Trade Secrets (Part 2): The Defend Trade Secrets Act of 2016
Trade Secrets (Part 2): The Defend Trade Secrets Act of 2016

JURIST Guest Columnist Uché Ewelukwa of the University of Arkansas School of Law, discusses the dynamic landscape of trade secret law in a multi-part series. In part 2, she discusses the Defend Trade Secrets Act of 2016 …

  1. Introduction

    Signed into law on May 11, 2016, the Defend Trade Secrets Act of 2016 (“DTSA”) creates a new federal private right of civil action for trade secrets misappropriation. Section 2 of the DTSA states unequivocally that “[a]n owner of a trade secret that is misappropriated may bring a civil action.” One of the most significant provisions of the DTSA is the ex parte seizure provision. The ex parte seizure provision gives trade secret owners the right, in extraordinary circumstances, to request the court to order the seizure of property if necessary to prevent the propagation or dissemination of the trade secret that is the subject of an action. Are attorneys requesting ex parte seizure orders and are courts granting such requests? The questions are important because oftentimes there is an urgent need for a company to stop a departing employee or a former business partner from taking or disclosing proprietary information. In an explosive new lawsuit filed in January 2018, Faraday Futures alleges that a former executive, Bill Strickland, “copied and took potentially thousands of FF’s most sensitive electronic documents from his FF computer and FF’s servers.” Tan Liu, a former employee of Rockwell Automation, Inc., was charged (since acquitted) with 12 counts of stealing trade secrets from Rockwell. Just before he left Rockwell, Liu allegedly downloaded 2,500 files containing Rockwell’s proprietary software and source code.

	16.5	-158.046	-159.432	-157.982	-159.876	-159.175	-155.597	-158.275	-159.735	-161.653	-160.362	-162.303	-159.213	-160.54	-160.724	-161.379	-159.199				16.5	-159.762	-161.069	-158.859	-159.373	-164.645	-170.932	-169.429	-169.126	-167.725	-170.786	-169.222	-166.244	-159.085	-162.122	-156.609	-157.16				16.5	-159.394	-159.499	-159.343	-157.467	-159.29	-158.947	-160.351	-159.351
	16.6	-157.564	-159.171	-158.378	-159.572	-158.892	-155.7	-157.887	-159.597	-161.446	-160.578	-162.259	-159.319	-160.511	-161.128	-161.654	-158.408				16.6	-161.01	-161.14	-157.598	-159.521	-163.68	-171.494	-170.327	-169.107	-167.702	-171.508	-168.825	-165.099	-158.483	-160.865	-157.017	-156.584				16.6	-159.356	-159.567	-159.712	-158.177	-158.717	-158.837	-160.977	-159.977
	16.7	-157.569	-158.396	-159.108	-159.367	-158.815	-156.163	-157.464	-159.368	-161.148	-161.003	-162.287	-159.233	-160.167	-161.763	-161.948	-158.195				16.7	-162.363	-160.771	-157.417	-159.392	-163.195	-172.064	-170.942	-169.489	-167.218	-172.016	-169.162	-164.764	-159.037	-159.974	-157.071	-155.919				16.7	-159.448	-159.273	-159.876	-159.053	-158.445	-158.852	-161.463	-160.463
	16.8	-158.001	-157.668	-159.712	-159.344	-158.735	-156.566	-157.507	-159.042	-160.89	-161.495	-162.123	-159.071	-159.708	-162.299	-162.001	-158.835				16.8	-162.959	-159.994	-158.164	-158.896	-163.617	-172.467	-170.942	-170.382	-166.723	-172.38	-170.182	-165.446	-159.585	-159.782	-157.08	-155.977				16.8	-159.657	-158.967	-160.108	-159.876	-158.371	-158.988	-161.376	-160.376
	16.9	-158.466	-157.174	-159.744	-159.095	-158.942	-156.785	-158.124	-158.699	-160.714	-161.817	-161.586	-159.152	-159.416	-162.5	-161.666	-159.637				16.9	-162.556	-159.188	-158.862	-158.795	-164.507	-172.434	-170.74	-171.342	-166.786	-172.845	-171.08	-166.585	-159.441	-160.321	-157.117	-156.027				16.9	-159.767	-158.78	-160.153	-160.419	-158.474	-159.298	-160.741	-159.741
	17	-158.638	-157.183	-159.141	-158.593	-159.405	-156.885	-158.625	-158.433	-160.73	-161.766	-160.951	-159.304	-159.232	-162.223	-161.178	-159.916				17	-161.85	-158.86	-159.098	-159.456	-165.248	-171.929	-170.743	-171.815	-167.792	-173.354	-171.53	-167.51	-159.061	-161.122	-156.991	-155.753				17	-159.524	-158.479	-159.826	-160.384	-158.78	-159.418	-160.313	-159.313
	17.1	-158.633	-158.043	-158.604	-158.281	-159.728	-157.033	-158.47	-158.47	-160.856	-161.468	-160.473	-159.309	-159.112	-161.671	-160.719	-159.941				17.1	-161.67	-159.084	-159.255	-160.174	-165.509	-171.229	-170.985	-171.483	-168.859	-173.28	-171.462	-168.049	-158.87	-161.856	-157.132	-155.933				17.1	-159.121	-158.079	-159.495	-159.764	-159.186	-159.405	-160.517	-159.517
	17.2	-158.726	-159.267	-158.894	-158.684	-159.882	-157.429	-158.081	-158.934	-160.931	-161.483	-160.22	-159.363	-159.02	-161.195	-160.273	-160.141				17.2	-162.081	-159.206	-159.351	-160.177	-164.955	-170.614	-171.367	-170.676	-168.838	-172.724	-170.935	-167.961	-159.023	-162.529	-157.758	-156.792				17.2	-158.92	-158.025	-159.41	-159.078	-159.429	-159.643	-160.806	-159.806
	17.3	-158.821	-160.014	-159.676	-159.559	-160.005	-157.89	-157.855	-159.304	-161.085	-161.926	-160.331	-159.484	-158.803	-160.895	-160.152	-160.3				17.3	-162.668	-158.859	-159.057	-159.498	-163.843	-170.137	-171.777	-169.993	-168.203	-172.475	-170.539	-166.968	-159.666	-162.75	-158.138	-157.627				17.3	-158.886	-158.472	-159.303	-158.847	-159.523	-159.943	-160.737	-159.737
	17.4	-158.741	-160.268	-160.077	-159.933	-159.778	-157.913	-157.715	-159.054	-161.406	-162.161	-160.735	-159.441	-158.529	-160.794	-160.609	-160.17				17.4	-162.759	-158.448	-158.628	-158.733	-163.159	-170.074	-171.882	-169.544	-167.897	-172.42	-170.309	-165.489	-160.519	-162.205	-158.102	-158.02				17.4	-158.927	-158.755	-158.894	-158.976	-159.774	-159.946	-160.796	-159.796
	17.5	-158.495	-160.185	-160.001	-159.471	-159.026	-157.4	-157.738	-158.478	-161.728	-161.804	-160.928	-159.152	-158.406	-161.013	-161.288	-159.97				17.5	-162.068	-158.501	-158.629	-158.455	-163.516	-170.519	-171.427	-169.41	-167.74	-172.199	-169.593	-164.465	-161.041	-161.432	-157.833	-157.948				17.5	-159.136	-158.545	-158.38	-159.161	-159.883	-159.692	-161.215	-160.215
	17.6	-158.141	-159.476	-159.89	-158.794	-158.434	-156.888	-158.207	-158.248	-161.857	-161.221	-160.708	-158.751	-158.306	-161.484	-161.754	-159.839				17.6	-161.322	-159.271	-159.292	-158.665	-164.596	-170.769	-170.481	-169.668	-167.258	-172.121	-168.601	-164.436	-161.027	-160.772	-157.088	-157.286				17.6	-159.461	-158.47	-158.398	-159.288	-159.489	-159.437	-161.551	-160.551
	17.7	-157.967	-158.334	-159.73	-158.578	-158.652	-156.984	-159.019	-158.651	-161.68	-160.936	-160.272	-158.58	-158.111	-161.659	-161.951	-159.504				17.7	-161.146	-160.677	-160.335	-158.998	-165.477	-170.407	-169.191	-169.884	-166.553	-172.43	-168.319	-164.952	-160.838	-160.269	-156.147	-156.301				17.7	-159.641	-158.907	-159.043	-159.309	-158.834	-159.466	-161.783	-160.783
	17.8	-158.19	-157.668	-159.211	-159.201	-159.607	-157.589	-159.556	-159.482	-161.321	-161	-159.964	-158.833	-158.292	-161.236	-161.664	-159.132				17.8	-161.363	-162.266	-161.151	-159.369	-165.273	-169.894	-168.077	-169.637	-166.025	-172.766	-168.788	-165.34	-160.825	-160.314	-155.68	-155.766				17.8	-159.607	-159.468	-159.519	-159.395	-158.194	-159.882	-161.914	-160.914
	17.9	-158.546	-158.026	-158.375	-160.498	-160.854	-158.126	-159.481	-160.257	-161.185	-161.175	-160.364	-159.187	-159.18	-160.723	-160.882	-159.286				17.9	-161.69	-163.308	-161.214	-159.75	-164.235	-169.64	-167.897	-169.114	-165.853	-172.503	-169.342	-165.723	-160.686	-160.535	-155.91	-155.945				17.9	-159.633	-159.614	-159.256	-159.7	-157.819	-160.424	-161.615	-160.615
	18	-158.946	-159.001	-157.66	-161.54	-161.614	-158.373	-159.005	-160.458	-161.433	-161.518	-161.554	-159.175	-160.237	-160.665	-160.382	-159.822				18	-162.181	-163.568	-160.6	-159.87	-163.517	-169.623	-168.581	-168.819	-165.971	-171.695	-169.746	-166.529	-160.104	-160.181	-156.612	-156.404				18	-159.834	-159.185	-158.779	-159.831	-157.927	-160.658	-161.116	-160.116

2. Ex Parte Seizure Order Under the DTSA
    Under the DTSA, a court may issue an ex parte seizure order “only in extraordinary circumstances.” Courts appear to be reluctant to grant ex parte seizure orders and are granting it only in truly extraordinary circumstances. In Mission Capital Advisors LLC v. Romaka, the court awarded the first, and possibly the only, DTSA seizure order in the U.S. to date. In this case, Plaintiff Mission Capital Advisors LLC (“Mission”) accused an employee, Romaka, of downloading confidential company files including contact lists. Forensic examination of Romaka’s personal desktop had revealed that he had indeed downloaded a multitude of company files. Plaintiff requested a seizure order. When the defendant failed to acknowledge service or to show up for hearing, the court ordered the United States Marshals Service (“U.S. Marshal”) to copy onto a storage medium and delete specific files (the Contact Lists of Plaintiff Mission Capital Advisors LLC.) on the Defendant’s computer.

    A request for an ex parte seizure order was denied in Balearia Caribbean Ltd., Corp., v. Calvo. Plaintiff Balearia Caribbean Ltd., Corp. (”BCL”) alleged that its former Chief Executive Officer, Hernan Calvo, misappropriated its trade secrets. Just before he left BCL, Calvo had his personal laptop computer reconfigured to access Balearia’s electronic information systems and secretly inserted an electronic command into his BCL email addresses to ensure that all email communications he received would be surreptitiously forwarded in their entirety to his private G-mail account. Nevertheless, the court denied BCL’s request to seize Calvo’s personal computer concluding that the applicant failed to demonstrate the “extraordinary circumstances contemplated by the DTSA.”

    In OOO Brunswick Rail Management v. Sultanov, plaintiffs OOO Brunswick Rail Management and Brunswick Rail Group Limited (“Brunswick”) alleged that defendants, former employees, Richard Sultanov and Paul Ostling, misappropriated Brunswick’s confidential information. Plaintiff filed an ex parte application for inter alia a seizure order under the DTSA, a seizure and preservation order under Rule 65, and expedited discovery. The court granted the request for a seizure and preservation order under Rule 65 but denied the request for a seizure order pursuant to the DTSA concluding that seizure under the DTSA was unnecessary because an order under Rule 65 was adequate.